Yamaha Raptor 700R Mods

Features, Project Quads, Sport ATV — on November 2, 2007 at 12:00 pm

It was almost too cold to ride that late-fall day last year. It was our first official evaluation of the Yamaha Raptor 700R SE we had just received as a long-term test unit and we were lucky to be riding so late in the year. There were clouds of fog over the ditches and swamps along the trail and the morning’s frostiness had yet to melt away into a pleasant fall day.

With cold, white knuckles, we cruised around and scoped out the trails at the riding area waiting for conditions to improve. Eventually the blood started pumping and our core temperatures rebounded as the fog started to lift. Our pace quickened and we started to realize Yamaha’s Raptor 700R was an awesome machine for woods riding.

We liked it so much in our initial review that we said the Raptor could be the ultimate trail machine with a few simple modifications. Immediate braking, incredible torque and stable handling were already in place and nothing needed drastic correction, only minor modifications.

In the days and weeks after that first ride, the idea didn’t go away. How would it look if we replaced the cheapskate black plastic radiator cover and front bumper? How much better would it sound with an aftermarket pipe? And, most of all, what if we widened it out just a bit?

The Beginning
It all sounded good — a mod here and a mod there would be enough to satisfy our curiosity and take the Raptor’s performance to the next level. Since we had the orange and black Special Edition model, it already looked cool and came with upgraded factory shocks.

With that as a jumping off point, we decided to order a few GYT-R components. Looking at the list of possibilities got us pretty fired up and we settled on a new, tougher clutch and a host of aluminum components — skid plate, front grab bar, snazzy radiator guard and a trick brake lever.
Installation for it all, even the clutch components, was a snap. Removing the clutch cover and taking out the components, at first, felt like being forced to perform brain surgery. It all turned out fine, though, and swapping out the clutch components took less than an hour. The rest of the factory Yamaha components were a breeze, but part of the foot peg needed to be ground down to allow the wider GYT-R brake pedal lever to fit. Strange.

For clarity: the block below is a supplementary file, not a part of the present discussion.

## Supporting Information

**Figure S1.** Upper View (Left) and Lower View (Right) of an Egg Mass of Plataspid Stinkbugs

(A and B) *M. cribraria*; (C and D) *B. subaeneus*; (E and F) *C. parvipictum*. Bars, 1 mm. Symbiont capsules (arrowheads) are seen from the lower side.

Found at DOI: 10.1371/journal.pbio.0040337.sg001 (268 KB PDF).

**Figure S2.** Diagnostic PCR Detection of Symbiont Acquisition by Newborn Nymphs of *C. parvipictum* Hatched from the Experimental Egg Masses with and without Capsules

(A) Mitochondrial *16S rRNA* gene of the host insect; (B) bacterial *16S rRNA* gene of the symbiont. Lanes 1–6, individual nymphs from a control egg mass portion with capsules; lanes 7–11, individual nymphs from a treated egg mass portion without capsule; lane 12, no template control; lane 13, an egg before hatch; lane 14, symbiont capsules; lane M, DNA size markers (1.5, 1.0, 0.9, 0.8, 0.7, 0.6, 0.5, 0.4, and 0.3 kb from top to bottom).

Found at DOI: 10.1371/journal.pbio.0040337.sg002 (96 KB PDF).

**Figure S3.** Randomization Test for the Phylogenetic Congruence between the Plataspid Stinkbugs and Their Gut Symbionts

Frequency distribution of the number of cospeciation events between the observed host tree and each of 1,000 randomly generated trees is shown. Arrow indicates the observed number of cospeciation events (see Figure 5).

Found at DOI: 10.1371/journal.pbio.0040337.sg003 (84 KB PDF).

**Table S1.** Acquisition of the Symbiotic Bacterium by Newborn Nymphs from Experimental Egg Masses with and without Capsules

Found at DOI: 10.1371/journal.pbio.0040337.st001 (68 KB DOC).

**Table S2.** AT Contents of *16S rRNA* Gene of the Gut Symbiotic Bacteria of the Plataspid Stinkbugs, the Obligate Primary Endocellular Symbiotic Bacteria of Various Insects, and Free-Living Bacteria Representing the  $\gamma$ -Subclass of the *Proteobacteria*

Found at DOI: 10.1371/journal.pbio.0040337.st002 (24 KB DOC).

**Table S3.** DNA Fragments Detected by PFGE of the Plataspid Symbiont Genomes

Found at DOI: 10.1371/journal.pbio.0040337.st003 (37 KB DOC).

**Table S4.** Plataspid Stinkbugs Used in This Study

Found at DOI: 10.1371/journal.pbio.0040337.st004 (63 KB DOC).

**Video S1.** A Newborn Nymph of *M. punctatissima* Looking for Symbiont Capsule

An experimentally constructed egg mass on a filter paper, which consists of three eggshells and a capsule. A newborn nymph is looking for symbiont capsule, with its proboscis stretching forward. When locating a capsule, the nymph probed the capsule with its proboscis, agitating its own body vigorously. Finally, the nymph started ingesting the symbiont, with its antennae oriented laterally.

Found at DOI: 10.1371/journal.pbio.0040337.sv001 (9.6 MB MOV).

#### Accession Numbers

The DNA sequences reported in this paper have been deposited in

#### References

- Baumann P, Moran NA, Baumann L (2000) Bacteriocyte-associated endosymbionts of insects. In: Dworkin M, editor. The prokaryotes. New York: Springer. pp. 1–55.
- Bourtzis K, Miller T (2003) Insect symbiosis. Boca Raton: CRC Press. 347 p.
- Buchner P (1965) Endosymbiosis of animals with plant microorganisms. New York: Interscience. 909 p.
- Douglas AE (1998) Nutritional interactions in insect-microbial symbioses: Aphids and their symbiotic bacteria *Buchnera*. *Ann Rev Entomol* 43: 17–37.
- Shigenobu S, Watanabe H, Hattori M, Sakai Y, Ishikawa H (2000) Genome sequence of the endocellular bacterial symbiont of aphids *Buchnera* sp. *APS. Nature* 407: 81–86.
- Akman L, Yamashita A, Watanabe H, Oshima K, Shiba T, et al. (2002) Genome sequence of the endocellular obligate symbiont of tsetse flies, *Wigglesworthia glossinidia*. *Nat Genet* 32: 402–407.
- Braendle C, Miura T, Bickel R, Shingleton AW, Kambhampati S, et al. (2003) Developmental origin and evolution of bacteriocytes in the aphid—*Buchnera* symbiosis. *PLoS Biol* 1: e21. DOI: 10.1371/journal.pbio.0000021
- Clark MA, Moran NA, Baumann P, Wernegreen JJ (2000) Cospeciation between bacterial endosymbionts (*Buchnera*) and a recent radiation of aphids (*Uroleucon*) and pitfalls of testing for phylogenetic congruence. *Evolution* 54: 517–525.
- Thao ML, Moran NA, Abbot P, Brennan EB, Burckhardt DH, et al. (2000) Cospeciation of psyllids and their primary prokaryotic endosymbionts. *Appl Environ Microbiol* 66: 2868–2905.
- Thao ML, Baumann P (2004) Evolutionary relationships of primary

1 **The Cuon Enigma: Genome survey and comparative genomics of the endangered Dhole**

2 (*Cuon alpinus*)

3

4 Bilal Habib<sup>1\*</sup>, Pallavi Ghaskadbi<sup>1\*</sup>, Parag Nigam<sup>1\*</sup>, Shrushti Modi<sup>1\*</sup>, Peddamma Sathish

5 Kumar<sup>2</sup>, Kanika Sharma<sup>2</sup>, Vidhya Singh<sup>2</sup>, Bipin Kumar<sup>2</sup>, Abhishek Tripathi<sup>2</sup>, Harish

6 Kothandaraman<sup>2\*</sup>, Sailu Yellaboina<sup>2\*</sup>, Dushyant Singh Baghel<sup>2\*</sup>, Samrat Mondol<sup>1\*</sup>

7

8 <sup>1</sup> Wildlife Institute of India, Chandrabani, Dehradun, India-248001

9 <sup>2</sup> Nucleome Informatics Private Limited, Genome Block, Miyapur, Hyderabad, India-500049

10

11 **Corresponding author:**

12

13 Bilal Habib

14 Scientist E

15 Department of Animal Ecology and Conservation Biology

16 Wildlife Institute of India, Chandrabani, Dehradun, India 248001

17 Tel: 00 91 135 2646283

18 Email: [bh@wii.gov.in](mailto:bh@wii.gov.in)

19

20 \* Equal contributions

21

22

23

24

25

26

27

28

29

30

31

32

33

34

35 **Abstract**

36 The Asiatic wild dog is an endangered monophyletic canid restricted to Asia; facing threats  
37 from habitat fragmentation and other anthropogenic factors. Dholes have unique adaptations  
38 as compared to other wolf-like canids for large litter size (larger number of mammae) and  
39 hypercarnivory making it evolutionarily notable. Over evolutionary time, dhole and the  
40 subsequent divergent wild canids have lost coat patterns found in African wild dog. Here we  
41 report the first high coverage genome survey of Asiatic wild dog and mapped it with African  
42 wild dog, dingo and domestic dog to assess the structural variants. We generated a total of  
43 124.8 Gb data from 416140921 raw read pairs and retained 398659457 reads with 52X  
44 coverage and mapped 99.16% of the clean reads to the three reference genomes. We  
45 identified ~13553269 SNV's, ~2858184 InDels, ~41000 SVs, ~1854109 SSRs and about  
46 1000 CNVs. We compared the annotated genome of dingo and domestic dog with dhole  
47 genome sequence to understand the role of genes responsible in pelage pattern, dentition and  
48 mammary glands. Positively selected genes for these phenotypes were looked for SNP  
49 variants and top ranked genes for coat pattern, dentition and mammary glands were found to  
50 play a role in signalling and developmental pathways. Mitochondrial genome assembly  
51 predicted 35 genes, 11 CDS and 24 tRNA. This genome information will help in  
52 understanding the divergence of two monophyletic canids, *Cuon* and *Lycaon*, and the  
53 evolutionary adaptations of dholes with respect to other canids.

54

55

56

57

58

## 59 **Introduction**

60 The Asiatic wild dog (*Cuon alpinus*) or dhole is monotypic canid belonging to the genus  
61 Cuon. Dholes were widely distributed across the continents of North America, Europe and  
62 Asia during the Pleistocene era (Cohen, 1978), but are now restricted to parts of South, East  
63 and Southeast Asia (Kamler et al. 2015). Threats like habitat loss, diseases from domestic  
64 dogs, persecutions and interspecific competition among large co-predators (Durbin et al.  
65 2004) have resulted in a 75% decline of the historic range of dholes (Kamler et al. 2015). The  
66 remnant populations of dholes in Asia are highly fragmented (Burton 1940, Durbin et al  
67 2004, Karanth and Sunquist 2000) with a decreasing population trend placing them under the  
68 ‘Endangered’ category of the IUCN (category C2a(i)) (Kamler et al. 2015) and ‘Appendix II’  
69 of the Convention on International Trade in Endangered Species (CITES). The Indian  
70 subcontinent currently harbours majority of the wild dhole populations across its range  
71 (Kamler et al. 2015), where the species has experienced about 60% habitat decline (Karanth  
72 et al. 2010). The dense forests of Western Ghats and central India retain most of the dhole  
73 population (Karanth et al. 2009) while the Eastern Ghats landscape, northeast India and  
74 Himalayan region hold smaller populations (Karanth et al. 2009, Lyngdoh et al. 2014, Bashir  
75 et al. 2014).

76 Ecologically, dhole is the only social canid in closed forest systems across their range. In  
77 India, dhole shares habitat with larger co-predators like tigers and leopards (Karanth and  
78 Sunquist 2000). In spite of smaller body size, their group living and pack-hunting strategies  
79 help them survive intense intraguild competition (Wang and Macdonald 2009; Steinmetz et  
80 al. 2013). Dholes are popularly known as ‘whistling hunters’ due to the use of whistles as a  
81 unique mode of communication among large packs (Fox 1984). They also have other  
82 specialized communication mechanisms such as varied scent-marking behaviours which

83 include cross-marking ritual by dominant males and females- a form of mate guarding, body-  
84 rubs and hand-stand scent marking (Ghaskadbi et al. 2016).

We then began checking out our exhaust options and found that HMF Bill Ballance Pro Series with the carbon fiber canister would be a good match. With a little polite finagling, they agreed to make us a one-off unit that would match this orange theme we were on to.

Those few modifications were all it took for us to realize the project must go on.

Loosening Our Grip
Since widening the Raptor’s stance was one of our initial priorities, we got on the horn with Walsh Race Craft. It was the start of the busy race-prep season and they were swamped with orders, but agreed to build us a custom set of A-arms that would work with the upgraded stock shocks and give us an extra inch on each side. Thanks guys! Swapping them out was an extensive task, but we took the opportunity to install some steel braided brake lines from Russell Performance Products, since we were in the neighborhood and all.

Stock as it was, our Raptor sported a boring set of black steel wheels — nothing to see there. MotoSport Alloys’ Redline S3’s had previously caught our eye and we ordered a set finished in diamond chrome and machined black.

We also knew from the start that the Raptor’s stock tires should be upgraded for trail duty. Our previous ride proved them far too mild for our intentions. We settled on a set of Kenda Klaw tires that were intended for hardcore cross-country duty. They were exactly what we were looking for — more traction, without overdoing it or lessening the Raptor’s fun-to-slide character.

We looked to White Brothers Racing for a set of nerf bars. Their brushed aluminum tubing perfectly matched the machine’s aluminum frame. Now our Raptor was starting to look dangerous.